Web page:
I started babysitting when I was 11 years old. My mom worked in day cares for years so I was around babies in those settings. I knew a good bit about taking care of children despite being the youngest of two by seven years. What I didn’t realize was that besides the usual physical and emotional challenges of raising kids that perfectionism would rule over all for me and be my deciding factor of how I parented for many years.
As a member of the School Health Team at my three youngest daughters’ school, I’ve spent the last year working on purchasing a kitchen cart with my co-team leaders. It’s a fantastic way to cook in classrooms while being portable and self contained. We have two gardens outside of each classroom. Part of this is because it’s a public Montessori school so gardening is usually tied in with the Montessori philosophy. In our state, we aren’t allowed to use the food grown in our gardens in the cafeteria but we are allowed to taste it. We have parents, grandparents, and teachers who’ve been cooking the garden harvests for years so we decided to make it easier for them with the mobile kitchen. We also wanted to ensure that students in the classes where the tastings haven’t been occurring would also get the chance to experience food from the school garden.
I’ll start this off by saying if you don’t have a year round market where you live this obviously doesn’t apply.
I showed up at our regional market this morning around 9:30. It was a beautiful 80 degrees. Quickly I remembered what a nightmare summer is there. Cars backed up down the street, then circling for 10 minutes to find a parking space. Once I got into the covered shed it was mayhem. People and strollers everywhere. I’ve been coming to this market for years. Out of the 52 weeks a year, between my husband and I we might miss 4 Saturdays a year. In December you can roll right up, grab a space, and walk anywhere without bumping into another person.
I spent this weekend wrapping up the last nine months of my life. Last September I began a journey that was exciting, nourishing, and challenging all at the same time. I became a Nutritional Therapy student because I wanted to expand upon my love of nutrition. What I didn’t expect was that I would get the job of my dreams in food policy just two weeks after starting school or that I would have intense life stuff to deal with throughout this entire process. But that’s how life works. This journey is at times a roller coaster, at other times it’s a white beach with soft waves and sunshine. Most of the time it’s in between the two.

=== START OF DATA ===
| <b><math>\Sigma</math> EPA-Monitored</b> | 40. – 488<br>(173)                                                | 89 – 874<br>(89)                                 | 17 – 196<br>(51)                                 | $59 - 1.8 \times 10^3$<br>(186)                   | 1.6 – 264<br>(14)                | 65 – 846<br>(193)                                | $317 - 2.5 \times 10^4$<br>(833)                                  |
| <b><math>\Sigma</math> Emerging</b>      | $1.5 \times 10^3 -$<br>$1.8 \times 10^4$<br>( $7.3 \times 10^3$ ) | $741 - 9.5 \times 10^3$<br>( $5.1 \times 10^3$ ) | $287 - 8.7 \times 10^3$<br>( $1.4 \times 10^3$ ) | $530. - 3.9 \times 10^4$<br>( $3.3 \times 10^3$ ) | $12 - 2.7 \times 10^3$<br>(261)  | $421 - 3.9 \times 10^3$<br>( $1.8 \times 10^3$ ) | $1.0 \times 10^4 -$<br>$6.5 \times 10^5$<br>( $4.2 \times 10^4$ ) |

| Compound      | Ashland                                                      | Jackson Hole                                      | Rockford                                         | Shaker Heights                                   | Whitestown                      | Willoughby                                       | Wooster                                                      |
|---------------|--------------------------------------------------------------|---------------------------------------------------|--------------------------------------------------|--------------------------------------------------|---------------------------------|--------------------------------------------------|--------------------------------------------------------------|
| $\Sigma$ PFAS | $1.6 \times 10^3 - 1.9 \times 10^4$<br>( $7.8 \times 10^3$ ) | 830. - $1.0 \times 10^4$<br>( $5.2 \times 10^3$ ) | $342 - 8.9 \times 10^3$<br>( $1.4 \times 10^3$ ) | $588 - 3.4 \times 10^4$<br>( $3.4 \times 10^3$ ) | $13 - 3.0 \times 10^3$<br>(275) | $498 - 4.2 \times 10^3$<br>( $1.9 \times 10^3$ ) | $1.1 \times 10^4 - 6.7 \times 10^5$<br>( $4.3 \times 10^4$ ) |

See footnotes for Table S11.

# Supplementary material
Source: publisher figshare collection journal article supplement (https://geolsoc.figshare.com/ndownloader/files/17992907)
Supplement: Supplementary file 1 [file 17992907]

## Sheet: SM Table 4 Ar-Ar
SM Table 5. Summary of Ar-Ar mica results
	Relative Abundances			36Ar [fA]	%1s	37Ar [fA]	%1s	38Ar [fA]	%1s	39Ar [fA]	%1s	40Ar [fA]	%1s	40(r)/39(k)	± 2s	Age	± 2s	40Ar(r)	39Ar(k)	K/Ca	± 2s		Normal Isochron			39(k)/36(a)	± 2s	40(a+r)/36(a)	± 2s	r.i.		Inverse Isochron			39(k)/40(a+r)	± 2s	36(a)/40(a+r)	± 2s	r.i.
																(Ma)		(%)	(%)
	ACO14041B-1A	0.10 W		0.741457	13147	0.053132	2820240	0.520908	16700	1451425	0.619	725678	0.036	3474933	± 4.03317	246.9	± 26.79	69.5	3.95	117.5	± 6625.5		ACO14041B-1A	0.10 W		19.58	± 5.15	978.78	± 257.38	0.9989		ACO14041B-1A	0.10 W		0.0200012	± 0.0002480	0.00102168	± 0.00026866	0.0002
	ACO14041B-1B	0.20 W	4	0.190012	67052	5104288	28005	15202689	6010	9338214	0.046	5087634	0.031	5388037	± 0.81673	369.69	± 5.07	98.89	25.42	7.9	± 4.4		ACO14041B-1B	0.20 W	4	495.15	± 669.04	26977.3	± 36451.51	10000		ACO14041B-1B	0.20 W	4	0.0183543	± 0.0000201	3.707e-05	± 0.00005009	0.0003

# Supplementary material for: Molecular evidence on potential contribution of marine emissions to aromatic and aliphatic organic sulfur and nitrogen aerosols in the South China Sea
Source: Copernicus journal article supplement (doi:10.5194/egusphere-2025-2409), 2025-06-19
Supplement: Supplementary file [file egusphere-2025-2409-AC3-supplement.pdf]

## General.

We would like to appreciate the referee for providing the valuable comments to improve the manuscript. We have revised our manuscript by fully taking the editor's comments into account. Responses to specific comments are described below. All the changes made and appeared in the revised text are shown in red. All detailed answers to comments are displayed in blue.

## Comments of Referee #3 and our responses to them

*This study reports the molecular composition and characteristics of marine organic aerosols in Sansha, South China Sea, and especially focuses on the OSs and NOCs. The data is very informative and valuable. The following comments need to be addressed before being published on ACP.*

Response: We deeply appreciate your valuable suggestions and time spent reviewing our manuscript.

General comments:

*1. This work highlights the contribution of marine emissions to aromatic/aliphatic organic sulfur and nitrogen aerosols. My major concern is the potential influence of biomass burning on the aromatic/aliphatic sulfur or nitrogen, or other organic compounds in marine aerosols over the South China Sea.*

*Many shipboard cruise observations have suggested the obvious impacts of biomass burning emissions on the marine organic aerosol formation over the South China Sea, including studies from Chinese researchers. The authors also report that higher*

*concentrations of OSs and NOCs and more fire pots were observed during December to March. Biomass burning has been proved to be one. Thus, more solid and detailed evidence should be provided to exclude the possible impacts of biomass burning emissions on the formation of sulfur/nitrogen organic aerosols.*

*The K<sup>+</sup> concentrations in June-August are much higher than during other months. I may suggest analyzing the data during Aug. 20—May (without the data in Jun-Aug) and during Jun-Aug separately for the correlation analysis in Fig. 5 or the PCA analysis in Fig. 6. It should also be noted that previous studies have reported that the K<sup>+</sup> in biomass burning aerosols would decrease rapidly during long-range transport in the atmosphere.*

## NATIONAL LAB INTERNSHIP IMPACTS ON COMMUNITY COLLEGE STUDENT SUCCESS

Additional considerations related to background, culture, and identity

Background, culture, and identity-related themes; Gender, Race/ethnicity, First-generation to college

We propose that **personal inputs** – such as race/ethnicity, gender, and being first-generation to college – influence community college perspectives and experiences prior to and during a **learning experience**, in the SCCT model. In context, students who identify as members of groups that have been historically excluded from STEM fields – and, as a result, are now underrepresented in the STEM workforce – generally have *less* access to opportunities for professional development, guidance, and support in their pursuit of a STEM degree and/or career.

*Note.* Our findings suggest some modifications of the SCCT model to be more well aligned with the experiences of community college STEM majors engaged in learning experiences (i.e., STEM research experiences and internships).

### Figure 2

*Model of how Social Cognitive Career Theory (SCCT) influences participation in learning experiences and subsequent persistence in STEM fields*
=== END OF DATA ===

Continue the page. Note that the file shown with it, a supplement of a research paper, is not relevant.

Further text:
One of the more challenging aspects of eating a Real Food/Paleo/Primal diet isn’t necessarily cutting out unhealthy foods. It’s actually trying to find places to eat with high quality ingredients. Add being on a budget or short on time and it can become downright impossible. Lately it seems restaurants are jumping on the health food wagon to meet consumers demand for higher quality meals. While this may seem like we’re moving in a positive direction, the reality is that we’re being greenwashed.
I have been cooking up a storm lately. I feel like I’m nesting. Before you even think it, no more primal babies for this household! We’re getting prepped to get a new kitchen over the next couple of weeks. I’m trying to stay ahead of the game for once and keep as much easy to heat up food in the fridge.
Fall is creeping in and it reminds me of banana bread and banana bread reminds me of my Mom. I loved her recipe growing up. In fact until I went gluten-free I often called her to ask for it so I could make it around this time of year. The hankering for some old fashioned bread has crept in. So what’s a girl to do? Make some the Paleo way!
While the amazing benefits of food fermentation have been around for thousands of years, it’s been in my house for a little over 3. When I was pregnant with my youngest daughter, my husband and I were at our midwife’s house for a prenatal visit. This is the woman that I’ve considered my nutritional guru for the last decade. She always has some interesting food up her sleeve. This time is was a mason jar of fermented vegetables. Always apprehensive to try new things, especially while pregnant, I politely declined a taste. My husband, the complete opposite of me (I blame it on the chef in him,) would have devoured the whole jar. As is the case with most things that intrigue him, he learns everything there is to know about it. It wasn’t long before he was eyeballing jars at IKEA that would be suitable for this new venture. He decided to go with something simple like cabbage. The girls and I still remember the putrid smell coming from that jar over the next few weeks. Much to my surprise the results were unbelievable. Not that I doubted him…just…you know.